I do think Chinese people are spiritual, but I also think their spiritual world was turned upside down in the Mao era. I believe they want to get back to the peace that spirituality provides, however they now have a new distraction in all the material things they think they need. The more I think about it the more confused I get.
The obligatory food section
We had donkey meat and it was delicious. We had it in a soup with noodles made with sweet potato and with the soup we had a donkey meat sandwich.
We were invited to go to one of David’s colleague’s house to eat some sha guo, which is David’s favourite food here. Sha guo is a soup that has tofu, tofu skin, mushrooms, meat or seafood, seaweed and lots of spice. As we arrived we had some tea and our host even conducted a Chinese tea ceremony. Tea does taste so much better here and there is such a huge variety. I recognise a lot of the teas here from back home. My mum and grandmas collect flowers and plants every summer, dry them and put them in the cupboard ready for the winter. Chinese mums and grandmas used to do that, but now the tea shop does it for them. It’s nice to have a piece of familiarity amidst this strangeness.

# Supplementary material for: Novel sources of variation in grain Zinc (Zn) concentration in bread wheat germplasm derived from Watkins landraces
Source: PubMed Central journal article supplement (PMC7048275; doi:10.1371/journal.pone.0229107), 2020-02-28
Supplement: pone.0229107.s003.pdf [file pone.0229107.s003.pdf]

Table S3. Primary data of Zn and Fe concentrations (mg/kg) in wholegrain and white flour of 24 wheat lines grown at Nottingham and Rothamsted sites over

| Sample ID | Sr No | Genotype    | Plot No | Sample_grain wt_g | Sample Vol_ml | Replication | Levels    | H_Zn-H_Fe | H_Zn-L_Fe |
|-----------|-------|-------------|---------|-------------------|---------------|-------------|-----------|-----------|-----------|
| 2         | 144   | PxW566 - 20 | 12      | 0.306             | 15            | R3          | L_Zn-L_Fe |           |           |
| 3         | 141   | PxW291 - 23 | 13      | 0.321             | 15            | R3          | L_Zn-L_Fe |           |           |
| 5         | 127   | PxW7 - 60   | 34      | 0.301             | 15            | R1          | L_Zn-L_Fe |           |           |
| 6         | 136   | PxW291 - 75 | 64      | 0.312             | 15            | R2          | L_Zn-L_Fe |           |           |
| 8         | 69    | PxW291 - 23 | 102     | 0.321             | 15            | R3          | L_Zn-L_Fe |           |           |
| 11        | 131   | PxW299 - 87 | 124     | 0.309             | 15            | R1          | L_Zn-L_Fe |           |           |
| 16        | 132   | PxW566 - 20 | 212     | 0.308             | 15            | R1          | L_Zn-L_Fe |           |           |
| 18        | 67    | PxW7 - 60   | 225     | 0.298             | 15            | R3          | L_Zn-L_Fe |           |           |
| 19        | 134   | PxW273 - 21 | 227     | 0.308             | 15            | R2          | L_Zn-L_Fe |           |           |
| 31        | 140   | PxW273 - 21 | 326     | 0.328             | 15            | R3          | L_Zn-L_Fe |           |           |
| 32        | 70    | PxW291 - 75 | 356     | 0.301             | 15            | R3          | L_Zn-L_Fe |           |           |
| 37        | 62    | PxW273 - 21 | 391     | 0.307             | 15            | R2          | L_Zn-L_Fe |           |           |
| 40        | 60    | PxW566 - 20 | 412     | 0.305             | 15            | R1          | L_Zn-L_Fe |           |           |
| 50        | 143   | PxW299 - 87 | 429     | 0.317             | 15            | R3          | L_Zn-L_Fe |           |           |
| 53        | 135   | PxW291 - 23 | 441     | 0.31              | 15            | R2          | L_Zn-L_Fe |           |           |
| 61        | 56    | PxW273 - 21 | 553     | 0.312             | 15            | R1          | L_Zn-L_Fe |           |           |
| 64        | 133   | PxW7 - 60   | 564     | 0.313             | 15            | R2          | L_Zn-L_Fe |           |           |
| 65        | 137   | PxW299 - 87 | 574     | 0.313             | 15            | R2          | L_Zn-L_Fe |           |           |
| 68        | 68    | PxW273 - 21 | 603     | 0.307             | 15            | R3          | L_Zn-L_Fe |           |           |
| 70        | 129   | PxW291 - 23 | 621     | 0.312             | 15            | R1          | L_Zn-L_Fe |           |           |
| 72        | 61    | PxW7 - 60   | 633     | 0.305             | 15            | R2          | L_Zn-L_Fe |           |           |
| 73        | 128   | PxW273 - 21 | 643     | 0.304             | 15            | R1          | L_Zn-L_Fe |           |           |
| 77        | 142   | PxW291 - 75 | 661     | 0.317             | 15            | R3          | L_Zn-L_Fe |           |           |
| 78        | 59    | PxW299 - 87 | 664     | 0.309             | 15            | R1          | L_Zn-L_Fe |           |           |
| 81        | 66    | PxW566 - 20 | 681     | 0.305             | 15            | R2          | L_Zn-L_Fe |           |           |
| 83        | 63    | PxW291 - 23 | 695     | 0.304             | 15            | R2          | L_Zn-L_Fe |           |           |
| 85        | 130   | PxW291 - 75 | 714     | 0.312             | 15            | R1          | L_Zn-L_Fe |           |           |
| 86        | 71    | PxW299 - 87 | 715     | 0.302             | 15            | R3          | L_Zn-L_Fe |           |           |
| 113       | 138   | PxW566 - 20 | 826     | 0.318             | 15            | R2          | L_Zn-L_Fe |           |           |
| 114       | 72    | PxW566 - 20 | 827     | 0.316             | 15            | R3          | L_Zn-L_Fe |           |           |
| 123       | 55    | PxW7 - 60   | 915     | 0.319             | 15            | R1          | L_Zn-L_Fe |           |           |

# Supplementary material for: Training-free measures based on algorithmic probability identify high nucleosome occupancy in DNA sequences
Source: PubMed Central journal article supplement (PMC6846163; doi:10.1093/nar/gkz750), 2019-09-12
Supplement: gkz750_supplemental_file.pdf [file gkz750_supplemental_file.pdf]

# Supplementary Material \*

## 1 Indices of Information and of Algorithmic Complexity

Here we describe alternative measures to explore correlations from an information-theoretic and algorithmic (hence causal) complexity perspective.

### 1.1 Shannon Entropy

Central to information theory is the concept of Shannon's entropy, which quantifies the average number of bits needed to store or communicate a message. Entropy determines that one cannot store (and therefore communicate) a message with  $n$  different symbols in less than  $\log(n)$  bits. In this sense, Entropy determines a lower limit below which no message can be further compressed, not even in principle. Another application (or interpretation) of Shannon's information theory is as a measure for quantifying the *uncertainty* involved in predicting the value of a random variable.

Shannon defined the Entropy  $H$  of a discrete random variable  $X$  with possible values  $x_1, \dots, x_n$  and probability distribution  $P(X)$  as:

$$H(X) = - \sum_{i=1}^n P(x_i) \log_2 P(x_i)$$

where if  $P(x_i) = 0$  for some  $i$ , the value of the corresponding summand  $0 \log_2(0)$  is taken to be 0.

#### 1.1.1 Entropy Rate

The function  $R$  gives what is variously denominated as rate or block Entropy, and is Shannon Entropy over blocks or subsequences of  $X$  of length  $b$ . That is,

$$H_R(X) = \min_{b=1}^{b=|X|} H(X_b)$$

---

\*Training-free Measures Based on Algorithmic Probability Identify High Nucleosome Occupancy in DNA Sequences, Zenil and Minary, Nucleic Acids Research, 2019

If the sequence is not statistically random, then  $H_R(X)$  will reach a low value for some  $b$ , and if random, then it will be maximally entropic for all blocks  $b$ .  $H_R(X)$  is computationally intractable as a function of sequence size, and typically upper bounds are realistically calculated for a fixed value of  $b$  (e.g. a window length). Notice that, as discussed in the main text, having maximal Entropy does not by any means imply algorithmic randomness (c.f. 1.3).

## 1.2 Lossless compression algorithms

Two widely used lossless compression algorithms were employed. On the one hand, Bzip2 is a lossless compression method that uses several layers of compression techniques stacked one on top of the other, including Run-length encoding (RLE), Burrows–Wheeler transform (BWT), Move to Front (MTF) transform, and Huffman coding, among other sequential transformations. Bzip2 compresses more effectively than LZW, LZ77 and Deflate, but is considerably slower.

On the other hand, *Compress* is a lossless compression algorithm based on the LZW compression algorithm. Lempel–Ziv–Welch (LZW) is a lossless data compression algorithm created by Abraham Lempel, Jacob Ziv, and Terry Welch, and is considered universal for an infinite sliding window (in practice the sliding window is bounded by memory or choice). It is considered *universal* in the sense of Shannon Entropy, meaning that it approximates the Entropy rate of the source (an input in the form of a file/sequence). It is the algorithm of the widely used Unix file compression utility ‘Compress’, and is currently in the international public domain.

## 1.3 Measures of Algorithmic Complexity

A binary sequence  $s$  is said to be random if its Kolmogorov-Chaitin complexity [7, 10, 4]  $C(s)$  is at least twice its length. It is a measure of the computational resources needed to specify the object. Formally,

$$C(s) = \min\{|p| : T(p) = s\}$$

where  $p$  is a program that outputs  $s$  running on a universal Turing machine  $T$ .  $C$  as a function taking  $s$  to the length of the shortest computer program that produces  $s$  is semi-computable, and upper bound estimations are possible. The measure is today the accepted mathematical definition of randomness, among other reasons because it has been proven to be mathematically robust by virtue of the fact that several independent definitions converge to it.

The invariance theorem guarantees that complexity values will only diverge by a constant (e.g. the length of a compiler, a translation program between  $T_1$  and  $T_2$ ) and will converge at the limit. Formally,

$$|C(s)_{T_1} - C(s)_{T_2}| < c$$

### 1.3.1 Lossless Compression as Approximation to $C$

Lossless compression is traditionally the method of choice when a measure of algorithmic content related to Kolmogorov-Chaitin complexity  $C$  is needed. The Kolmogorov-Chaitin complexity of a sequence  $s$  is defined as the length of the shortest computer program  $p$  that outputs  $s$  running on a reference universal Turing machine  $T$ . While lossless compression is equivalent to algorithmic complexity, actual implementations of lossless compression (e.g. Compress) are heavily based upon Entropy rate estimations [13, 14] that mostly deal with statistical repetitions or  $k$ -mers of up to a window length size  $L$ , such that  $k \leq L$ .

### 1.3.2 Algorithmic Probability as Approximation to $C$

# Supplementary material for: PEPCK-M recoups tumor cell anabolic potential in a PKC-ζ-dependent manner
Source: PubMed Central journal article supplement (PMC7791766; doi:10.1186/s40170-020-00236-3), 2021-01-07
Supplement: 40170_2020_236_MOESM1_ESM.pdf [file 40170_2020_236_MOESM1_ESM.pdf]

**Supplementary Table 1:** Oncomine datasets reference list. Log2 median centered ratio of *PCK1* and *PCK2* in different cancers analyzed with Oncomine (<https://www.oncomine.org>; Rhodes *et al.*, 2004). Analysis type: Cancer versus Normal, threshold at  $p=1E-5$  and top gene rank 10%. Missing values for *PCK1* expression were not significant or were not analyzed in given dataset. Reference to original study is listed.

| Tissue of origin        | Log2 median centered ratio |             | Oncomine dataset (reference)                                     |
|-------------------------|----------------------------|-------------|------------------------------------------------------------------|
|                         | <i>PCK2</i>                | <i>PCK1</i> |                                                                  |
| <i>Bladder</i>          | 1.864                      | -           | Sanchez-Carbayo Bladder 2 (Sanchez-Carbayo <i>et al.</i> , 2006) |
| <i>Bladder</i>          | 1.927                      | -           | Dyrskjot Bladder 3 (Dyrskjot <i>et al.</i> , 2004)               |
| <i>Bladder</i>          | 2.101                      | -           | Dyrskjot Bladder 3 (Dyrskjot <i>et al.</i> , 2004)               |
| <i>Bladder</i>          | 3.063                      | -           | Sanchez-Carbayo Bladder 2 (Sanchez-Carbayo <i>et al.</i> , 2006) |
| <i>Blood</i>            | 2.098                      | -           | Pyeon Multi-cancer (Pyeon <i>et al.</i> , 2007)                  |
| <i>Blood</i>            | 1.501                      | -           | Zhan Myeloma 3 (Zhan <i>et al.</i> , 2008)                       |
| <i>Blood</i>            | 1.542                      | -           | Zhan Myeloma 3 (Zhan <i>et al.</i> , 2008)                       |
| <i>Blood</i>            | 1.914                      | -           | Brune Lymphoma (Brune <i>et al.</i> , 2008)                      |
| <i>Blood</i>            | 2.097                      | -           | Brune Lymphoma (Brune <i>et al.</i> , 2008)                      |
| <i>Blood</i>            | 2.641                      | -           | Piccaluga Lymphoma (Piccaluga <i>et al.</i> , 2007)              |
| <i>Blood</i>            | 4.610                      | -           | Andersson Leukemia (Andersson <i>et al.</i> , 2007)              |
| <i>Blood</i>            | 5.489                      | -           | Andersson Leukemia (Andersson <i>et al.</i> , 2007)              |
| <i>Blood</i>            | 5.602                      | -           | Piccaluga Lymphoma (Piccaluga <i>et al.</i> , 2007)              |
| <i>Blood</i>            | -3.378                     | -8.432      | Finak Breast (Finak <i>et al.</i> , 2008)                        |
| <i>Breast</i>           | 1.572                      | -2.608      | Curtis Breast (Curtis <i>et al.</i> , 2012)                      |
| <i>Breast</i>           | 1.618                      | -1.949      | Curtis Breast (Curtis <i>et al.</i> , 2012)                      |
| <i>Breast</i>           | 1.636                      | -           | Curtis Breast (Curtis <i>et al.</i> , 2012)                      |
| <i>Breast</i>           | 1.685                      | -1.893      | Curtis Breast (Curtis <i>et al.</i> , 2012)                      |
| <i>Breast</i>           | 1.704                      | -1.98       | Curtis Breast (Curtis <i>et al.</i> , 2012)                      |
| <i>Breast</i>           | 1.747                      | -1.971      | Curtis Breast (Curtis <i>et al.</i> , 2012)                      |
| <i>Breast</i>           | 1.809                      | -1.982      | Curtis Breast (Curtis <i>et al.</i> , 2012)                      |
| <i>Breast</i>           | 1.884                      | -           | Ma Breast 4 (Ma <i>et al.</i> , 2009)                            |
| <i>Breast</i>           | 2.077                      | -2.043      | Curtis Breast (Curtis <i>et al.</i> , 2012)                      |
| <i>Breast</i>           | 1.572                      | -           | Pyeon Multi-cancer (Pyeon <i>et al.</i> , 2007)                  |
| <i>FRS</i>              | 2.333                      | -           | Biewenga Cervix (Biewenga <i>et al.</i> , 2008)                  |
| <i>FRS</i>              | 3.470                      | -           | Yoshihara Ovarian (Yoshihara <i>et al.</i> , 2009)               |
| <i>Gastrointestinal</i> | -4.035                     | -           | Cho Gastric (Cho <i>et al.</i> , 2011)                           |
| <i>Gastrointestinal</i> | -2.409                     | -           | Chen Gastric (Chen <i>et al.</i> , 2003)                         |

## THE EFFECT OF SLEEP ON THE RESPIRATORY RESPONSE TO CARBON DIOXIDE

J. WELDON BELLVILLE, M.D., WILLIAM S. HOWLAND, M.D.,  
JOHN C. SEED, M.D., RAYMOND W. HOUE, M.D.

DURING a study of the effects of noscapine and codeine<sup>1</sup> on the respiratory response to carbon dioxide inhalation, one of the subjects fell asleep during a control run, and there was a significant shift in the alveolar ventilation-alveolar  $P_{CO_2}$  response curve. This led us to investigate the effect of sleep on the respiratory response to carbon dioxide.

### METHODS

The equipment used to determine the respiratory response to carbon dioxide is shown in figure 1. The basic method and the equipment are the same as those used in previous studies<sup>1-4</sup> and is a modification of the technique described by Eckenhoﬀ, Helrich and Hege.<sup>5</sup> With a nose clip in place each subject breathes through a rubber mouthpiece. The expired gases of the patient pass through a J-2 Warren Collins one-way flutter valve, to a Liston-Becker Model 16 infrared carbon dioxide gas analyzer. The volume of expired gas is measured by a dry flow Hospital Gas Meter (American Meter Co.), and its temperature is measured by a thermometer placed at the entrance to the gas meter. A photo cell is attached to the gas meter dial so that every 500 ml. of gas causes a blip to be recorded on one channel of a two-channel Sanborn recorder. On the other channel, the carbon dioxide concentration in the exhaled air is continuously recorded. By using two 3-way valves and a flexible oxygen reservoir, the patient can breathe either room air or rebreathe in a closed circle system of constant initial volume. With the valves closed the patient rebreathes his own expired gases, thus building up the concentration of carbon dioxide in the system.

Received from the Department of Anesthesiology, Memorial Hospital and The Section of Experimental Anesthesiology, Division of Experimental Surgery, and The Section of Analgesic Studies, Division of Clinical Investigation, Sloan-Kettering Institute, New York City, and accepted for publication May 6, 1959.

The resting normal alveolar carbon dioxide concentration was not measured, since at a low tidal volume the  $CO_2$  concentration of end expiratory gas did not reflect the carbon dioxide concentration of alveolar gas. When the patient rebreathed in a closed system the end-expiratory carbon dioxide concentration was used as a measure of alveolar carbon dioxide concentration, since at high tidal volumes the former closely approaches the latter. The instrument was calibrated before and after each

We went to a German restaurant last night. I had a schnitzel and sauerkraut and David had some beef. It was the first ‘Western’ meal we’ve had since getting here (apart from Estonian vorstikaste made with Chinese sausage). Both of us were so happy. I think my stomach actually spoke to me and said thank you.
In other news
Our Chinese is getting better and better. We can have small conversations, ask questions and make ourselves understood most of the time. It feels good to know we can master this language. I still find it difficult to understand what people say to me unless they slow down. As soon as we start speaking with them in Chinese they speak to us like they would to another Chinese person, which is very fast and using local Xianese slang.
Holiday starts in a week, I cannot wait to lay on the beach and do nothing.
No bird flu cases have yet been discovered in Xi’an, but people and newspapers here are talking about it a lot. The Chinese staff at my school have all stopped eating any meat in the fear of catching the bird flu. They are very obsessed with germs and cleanliness, but the city is still generally dirty.
And finally, some Chinglish